Toll explains, “Running shoes are generally divided into three categories to match foot posture: neutral/cushioning, stability and motion control. I have often seen people wearing a shoe that is old and worn down, or simply is not the right style for them. Addressing these errors is critical in improving comfort.”
To figure out the right shoes for injury prevention, runners need to know what type of foot they have—how does your foot hit the pavement? You can tell a lot about your feet with a simple footprint test. Wet your foot with water, and then step on a piece of cardboard. Examine your footprint for a better understanding of your arch.
- Normal Arch: The middle part of the arch is about half-filled. The right shoes for this type of foot are in the stability category.
- Flat Arch: The footprint looks like a complete foot—no or very little arch. Feet with a flat arch often roll in or pronate during activities. For flat arches, look for shoes in the motion control category.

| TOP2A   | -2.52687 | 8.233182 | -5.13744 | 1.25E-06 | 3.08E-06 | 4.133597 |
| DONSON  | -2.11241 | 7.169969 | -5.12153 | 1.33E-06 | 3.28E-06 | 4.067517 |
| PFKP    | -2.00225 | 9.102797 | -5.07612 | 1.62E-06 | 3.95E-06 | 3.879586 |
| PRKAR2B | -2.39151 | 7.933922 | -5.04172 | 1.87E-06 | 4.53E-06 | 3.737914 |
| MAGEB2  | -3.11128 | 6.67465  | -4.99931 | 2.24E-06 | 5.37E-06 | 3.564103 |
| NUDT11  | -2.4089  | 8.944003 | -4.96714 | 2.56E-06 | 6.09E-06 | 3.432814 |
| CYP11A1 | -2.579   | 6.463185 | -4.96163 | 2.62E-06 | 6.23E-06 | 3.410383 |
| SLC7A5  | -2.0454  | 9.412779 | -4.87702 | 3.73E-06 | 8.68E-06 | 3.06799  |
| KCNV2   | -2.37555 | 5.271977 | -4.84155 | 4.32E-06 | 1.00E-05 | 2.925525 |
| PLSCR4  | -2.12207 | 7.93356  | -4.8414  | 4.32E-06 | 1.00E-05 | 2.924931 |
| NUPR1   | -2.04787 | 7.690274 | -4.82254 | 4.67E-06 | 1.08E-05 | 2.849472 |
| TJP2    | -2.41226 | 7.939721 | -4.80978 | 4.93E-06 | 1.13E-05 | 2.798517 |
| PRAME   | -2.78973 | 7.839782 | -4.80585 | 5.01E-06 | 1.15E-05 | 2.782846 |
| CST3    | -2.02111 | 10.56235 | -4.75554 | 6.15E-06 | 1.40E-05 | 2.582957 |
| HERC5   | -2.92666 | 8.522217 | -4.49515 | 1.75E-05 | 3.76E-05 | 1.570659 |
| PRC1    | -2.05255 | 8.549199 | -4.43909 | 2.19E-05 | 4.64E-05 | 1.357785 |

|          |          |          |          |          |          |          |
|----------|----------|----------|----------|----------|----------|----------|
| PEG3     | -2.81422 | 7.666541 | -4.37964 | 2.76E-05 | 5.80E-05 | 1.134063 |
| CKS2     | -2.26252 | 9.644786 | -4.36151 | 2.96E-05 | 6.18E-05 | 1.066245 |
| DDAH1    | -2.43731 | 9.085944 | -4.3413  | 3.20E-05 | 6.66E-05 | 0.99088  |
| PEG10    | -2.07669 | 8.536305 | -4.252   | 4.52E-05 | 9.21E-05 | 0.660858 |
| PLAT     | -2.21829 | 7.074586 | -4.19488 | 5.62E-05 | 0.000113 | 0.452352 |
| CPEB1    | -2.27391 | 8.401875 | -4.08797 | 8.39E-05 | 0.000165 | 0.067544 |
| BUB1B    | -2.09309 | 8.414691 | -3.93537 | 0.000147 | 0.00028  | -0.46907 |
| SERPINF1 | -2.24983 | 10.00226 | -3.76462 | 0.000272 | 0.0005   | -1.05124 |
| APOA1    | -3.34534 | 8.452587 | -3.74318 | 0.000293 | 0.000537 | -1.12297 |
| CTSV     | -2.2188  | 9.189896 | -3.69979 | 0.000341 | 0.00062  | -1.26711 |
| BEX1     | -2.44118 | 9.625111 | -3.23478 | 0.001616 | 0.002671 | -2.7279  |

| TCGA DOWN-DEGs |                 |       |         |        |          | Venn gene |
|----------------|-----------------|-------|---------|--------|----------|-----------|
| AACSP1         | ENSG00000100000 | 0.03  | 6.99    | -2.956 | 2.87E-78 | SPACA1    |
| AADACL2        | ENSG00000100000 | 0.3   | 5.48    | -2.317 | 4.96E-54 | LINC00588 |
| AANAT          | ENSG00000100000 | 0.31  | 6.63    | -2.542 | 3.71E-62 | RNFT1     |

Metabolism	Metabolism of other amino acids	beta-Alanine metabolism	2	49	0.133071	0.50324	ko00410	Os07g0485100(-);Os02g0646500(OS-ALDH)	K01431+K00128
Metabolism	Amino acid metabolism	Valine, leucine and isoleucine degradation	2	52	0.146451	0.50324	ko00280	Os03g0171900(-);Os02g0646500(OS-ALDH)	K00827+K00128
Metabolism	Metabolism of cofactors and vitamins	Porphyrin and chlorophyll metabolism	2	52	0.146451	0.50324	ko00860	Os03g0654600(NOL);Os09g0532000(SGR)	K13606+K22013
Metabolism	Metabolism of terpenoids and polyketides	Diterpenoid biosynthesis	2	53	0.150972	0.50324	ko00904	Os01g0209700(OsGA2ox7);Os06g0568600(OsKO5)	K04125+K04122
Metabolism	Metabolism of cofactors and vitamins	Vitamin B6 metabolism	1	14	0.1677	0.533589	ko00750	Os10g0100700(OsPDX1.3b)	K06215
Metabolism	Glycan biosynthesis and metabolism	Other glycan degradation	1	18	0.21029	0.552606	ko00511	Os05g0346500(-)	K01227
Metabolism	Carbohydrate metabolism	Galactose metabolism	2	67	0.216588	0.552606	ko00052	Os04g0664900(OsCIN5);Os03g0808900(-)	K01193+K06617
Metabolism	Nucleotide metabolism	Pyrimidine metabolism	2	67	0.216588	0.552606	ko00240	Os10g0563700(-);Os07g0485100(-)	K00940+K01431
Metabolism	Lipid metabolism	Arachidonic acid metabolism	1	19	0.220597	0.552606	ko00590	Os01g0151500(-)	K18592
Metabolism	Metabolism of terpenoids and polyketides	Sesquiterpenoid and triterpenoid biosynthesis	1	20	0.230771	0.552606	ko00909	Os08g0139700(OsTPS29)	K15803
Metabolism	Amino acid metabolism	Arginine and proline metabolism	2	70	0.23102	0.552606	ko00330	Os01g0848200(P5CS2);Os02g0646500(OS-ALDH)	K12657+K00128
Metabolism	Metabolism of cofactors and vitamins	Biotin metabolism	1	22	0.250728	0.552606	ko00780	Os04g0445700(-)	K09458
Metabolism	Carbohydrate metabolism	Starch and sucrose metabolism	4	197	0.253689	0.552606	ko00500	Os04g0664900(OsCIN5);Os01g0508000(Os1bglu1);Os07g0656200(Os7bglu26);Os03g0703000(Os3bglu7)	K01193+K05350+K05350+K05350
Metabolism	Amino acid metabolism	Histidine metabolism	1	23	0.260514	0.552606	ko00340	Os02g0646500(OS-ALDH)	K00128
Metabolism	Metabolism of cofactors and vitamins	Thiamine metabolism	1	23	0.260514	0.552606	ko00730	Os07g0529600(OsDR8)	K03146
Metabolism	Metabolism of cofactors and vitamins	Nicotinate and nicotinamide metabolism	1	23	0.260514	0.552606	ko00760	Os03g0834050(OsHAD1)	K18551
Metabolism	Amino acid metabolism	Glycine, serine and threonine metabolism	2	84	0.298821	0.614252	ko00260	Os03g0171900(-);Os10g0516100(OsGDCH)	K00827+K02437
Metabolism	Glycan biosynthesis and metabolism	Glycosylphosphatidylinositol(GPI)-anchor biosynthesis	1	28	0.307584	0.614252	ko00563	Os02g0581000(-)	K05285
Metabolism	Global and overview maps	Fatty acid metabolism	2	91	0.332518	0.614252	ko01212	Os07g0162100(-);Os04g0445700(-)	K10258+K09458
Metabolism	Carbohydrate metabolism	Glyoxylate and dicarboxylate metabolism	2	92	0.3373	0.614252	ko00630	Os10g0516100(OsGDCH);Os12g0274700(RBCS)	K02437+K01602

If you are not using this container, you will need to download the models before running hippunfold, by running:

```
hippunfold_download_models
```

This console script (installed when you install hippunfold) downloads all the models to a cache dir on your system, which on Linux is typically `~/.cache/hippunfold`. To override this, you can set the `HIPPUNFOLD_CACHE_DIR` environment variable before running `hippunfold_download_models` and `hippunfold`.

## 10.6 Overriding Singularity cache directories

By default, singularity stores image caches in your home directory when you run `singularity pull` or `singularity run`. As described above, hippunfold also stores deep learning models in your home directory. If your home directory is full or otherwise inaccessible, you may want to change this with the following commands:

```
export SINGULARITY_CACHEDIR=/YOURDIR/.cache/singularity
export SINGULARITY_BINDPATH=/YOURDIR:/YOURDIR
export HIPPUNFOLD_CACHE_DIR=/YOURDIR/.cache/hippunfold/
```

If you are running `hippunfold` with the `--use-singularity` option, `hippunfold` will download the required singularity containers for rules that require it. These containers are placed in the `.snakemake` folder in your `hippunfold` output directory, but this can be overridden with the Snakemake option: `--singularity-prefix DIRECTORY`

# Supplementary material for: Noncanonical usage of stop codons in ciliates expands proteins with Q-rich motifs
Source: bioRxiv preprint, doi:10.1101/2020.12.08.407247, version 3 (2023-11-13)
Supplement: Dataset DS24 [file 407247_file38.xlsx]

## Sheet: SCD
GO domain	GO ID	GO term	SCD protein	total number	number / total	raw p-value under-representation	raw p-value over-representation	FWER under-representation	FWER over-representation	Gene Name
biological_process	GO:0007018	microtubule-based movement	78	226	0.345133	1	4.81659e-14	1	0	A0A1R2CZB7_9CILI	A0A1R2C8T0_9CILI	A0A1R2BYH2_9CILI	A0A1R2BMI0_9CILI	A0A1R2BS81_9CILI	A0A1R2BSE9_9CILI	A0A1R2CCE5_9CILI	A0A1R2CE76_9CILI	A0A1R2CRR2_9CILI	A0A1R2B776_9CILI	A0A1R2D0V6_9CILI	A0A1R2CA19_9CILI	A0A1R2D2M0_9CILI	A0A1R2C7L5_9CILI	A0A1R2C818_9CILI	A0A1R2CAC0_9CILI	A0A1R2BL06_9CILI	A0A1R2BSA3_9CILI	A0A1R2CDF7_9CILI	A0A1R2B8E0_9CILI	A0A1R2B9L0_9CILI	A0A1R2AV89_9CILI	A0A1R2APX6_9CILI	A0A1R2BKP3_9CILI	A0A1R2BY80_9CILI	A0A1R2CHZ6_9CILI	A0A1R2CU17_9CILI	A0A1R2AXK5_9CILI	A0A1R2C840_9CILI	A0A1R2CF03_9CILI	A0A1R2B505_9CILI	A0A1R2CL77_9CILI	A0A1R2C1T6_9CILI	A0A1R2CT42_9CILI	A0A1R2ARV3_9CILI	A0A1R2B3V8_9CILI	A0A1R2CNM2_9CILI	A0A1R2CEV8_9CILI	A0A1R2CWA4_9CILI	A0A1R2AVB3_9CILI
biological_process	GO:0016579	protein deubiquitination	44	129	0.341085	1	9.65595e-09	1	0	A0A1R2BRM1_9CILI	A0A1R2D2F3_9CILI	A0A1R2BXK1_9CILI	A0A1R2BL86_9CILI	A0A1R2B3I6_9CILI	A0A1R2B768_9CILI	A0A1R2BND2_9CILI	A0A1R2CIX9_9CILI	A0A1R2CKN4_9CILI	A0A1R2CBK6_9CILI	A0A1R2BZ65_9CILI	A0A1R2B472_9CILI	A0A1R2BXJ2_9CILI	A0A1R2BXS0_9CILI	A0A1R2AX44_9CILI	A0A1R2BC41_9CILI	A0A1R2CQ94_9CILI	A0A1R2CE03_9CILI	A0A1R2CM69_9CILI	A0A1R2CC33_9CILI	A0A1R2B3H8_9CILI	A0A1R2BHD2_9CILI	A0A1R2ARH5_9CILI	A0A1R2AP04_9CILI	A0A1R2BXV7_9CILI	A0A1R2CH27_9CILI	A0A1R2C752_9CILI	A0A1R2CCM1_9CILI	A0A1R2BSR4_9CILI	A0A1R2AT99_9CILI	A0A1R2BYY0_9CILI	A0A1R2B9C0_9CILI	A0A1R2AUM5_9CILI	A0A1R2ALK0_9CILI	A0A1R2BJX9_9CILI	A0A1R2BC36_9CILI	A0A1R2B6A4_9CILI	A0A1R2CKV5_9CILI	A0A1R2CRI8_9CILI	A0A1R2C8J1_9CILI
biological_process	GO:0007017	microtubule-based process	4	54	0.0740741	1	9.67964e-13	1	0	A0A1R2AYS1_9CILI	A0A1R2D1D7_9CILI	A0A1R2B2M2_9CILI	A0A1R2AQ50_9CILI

- High Arch: Seeing only a thin portion on the side of your footprint indicates a high arch. This type of foot may not absorb shock as well as other types. Look for shoes in the cushioning category.
The other key to selecting the right athletic shoes for injury prevention is to get professional advice. Consider working with the staff at a running shoe store. These employees work with runners, walkers, and fitness enthusiasts to help find the shoes that work best. Toll adds, “Plan to spend at least 30-45 minutes at the running shoe store—this will give you plenty of time to try on a variety of shoes. Many running shoe stores even have a treadmill available to assist with picking out your next pair.”